While the outing by Kate was obviously problematic, it is encouraging to see that she did genuinely regret her rash actions, and to see a happy ending for a lesbian couple.

Little

Widest Theatrical Release: 2667 theaters

Vito Russo Test: Fail

While Little did not include any LGBTQ characters, it did make headlines for a transphobic joke. When Jordan, the harsh tech boss played by Regina Hall, gets chided by a neighbor for kissing her boyfriend in the hallway in front of a child, Jordan mistakes a young girl for a boy in her comeback. When the mom replies (“She’s four!”), Jordan doubles down with an out of left field reply, “Oh. He is transitioning? Well good luck, little fella, I like you. Now your mama’s a different story. If you need a drink, come over little man.” The scene drew criticism from film critics, and co-screenwriter Tracy Oliver denounced the joke saying she did not write it and calling it "insensitive and unnecessary." Those in the industry should learn from this moment. Transphobic "humor" has no place in film nor in the world.

Ma

Widest Theatrical Release: 2816 theaters

Vito Russo Test: Fail

This horror films follows Sue Ann who lures teens to her house under the pretense of partying. One of the teens, Haley, when meeting protagonist Maggie, compliments her, and follows up with “I’m not a lesbian or anything.” She later introduces her boyfriend as “this gay dude” before he clarifies that he’s “very straight.” Later, Haley kisses Maggie while under the influence. This move appears to be demonstrative of how inebriated Haley is rather than out of any sexual or romantic attraction to Maggie. The idea of two girls kissing at a party just to show how drunk someone is problematic and very dated, as are jokes that imply someone is gay as an insult.

The Secret Life of Pets 2

Widest Theatrical Release: 4564 theaters

Vito Russo Test: Fail

This sequel follows a group of pets in New York, and includes a joke about a rabbit named Snowball. His owner had dressed him in a men’s superhero costume for the majority of the movie, until the end when she dresses Snowball in a dress and puts makeup on him. At first, it appears that Snowball will be upset at the change of style, but instead he declares it “awesome.” It is a small sign of progress for Snowball to be excited about the new look as compared to how this kind of moment has been played before. GLAAD did not count the character in its tally.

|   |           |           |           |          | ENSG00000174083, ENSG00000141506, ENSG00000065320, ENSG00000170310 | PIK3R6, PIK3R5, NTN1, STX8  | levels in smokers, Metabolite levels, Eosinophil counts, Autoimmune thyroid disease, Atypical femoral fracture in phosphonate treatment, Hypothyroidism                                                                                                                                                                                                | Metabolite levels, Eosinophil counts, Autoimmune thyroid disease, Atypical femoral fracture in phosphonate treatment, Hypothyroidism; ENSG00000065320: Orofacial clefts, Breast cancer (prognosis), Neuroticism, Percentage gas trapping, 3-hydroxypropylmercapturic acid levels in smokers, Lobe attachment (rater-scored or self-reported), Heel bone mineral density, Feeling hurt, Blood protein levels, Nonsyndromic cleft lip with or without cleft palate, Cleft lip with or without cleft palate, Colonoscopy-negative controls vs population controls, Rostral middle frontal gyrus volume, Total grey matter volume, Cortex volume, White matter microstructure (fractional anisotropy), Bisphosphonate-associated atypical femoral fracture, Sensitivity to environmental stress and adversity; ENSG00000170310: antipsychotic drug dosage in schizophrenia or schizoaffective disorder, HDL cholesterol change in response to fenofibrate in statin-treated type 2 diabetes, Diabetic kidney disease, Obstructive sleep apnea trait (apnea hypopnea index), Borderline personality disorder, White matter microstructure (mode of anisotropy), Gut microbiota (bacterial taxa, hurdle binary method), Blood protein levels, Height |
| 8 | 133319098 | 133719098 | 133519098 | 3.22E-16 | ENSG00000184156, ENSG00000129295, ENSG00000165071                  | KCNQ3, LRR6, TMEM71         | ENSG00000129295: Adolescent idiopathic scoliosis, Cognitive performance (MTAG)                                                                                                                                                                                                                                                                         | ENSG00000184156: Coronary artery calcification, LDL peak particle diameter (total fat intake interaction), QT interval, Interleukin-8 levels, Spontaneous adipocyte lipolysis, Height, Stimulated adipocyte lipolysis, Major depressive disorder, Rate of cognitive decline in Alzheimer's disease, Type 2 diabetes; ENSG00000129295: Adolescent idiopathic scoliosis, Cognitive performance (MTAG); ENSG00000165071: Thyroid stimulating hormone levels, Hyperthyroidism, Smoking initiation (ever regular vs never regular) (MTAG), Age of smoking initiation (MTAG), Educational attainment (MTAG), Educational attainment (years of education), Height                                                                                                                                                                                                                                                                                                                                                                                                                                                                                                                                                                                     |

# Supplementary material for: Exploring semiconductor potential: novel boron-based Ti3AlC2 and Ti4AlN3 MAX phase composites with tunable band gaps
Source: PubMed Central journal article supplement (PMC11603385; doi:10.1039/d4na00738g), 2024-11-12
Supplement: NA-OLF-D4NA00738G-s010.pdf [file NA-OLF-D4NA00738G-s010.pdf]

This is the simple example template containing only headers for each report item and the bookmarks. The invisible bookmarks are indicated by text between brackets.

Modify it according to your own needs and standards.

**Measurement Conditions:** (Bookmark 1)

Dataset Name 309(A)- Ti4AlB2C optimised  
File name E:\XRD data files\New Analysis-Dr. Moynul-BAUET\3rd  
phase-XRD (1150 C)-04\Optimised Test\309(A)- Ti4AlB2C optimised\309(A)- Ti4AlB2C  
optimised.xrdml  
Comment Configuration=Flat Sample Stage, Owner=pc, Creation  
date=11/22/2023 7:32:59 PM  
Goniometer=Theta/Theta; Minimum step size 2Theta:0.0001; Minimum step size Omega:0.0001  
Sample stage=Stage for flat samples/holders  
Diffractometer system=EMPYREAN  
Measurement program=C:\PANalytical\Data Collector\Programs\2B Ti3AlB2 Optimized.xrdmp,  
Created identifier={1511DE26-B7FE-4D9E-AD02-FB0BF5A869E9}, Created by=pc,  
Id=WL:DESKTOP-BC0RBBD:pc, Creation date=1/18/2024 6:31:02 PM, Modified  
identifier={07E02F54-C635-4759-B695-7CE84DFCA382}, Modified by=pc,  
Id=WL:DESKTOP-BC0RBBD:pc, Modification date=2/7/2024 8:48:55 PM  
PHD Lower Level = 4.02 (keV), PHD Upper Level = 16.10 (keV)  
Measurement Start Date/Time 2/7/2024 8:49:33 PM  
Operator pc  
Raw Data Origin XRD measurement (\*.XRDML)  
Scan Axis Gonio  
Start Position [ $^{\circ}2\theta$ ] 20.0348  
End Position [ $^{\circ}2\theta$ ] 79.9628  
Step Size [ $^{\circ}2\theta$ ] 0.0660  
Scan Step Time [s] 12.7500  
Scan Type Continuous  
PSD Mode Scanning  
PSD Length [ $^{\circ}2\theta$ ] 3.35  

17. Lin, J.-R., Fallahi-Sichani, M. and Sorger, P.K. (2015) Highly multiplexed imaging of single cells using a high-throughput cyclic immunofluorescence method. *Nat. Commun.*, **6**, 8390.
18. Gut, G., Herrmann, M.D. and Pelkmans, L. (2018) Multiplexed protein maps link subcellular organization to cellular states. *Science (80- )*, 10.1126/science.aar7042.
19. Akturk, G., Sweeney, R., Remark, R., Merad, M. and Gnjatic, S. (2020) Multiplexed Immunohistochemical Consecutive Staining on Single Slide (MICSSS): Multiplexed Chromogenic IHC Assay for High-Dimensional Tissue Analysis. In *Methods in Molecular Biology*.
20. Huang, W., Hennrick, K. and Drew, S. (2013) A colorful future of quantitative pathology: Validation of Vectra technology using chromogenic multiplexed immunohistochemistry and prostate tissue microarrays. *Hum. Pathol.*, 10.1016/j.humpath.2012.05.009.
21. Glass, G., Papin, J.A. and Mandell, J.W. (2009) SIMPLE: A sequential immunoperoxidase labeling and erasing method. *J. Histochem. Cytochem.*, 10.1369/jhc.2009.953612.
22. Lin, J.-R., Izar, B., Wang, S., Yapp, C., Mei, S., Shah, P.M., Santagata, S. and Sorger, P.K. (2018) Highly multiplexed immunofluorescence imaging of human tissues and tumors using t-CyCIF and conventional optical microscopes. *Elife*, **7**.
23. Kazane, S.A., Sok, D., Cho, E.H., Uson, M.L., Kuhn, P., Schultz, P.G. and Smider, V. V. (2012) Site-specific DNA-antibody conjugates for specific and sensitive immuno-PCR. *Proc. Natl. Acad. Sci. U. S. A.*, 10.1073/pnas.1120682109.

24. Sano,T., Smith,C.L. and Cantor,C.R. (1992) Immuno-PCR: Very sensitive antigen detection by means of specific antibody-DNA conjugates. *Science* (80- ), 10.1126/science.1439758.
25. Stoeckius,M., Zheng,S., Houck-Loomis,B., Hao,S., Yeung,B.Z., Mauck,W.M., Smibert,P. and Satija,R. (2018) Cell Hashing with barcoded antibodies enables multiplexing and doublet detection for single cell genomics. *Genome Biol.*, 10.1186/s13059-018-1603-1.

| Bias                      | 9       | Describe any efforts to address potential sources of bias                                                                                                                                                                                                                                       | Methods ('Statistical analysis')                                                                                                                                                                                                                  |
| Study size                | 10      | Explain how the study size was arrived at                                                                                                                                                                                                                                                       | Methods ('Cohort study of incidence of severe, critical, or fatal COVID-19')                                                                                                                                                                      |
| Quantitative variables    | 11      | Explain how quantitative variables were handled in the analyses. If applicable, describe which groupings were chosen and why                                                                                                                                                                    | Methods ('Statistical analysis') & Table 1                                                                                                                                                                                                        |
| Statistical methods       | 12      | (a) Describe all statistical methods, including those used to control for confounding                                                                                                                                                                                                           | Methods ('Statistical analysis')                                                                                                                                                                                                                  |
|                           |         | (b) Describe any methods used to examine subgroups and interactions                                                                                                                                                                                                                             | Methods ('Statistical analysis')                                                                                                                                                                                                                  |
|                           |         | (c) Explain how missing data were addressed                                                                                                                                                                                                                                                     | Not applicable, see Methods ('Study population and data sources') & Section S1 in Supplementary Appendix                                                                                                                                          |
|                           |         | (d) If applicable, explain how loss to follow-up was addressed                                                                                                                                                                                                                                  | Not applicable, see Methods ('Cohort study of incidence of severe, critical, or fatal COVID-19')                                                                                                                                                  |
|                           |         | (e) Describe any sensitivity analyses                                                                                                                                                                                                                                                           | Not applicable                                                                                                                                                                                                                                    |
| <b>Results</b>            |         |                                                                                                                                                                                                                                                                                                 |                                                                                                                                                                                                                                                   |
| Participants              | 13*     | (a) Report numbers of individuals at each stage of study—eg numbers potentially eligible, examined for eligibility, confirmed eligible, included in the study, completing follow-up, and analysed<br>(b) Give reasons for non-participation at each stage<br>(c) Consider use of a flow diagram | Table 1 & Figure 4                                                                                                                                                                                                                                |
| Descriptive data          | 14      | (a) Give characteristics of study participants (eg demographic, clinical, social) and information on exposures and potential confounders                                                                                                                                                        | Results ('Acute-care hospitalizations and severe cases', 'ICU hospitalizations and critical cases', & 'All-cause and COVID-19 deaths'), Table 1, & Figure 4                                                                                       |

Queen and Slim

Widest Theatrical Release: 1715 theaters

Vito Russo Test: Fail

This drama follows the titular Queen and Slim, a Black couple who become fugitives after killing a police officer while on the way home from a first date. While traveling, they stay with Queen’s Uncle Earl, who lives with several women, including Goddess, played by Indya Moore, an actor who is transgender and non-binary. Because the content of the film on-screen does not make any assertions regarding Goddess’ gender identity, GLAAD did not count the character as transgender in its tally.

OPPORTUNITIES AHEAD

Out filmmaker, writer, producer, and director Greg Berlanti is attached to direct and produce a biopic adapted from the book All That Heaven Allows: A Biography of Rock Hudson. The book explored Hudson’s life as a closeted actor in Hollywood and his heartbreaking death of AIDS-related complications in 1985. Universal is set to begin production on romantic comedy Bros, co-written by and starring out actor and comedian Billy Eichner. The film follows two men with a history of commitment problems who attempt a steady relationship. This high profile romantic comedy, from big names like Eichner and Judd Apatow, should usher in more queer films in the genre and from major studios.

In 2019, Focus Featuers released eight films, one of which included appearances by LGBTQ people, amounting to 13%.

In 2002, USA Films, Universal Focus, and Good Machine teamed to form Focus Features. Focus Features produces and distributes its own films, establishing an impressive record of critically acclaimed and popular LGBTQ-inclusive films including Brokeback Mountain (2005), Milk (2008), The Kids Are All Right (2010), Pariah (2011), and Boy Erased (2018), in addition to distributing foreign films.

Captive State

Widest Theatrical Release: 2549 theaters

This post-apocalyptic drama follows a group of rebels trying to fight off their new alien overlords. One the rebel is Daniel, who works in a gay bar and meets others there. It is unclear if Daniel is gay himself or is working at the bar as a cover to get access to the rebels. Unfortunately, he dies before we can discover more backstory. GLAAD did not count the character in its tally.

Downton Abbey

Widest Theatrical Release: 3548 theaters

The finale film to the British TV series of the same name, Downton Abbey continues with the Crawley family and their staff as they prepare for a visit from the royal family. The staff includes the family’s gay butler, Thomas. Thomas meets Richard, one of the royal staff who encourages Thomas to meet him at a bar in town. At the bar, Thomas meets another man who takes him to a warehouse meeting full of gay men, a community gathering Thomas has never experienced. Thomas finally feels a sense of freedom, dancing and enjoying himself. The police raid the warehouse and Thomas is arrested, but Richard is able to get him out of jail by using his status as a member of the royal staff. When Richard departs for London, he leaves Thomas with a gift and a kiss. It was a welcome change for a period drama to see Thomas’ more uplifting story and the respect his character was treated with. Downton Abbey is nominated for a GLAAD Media Award.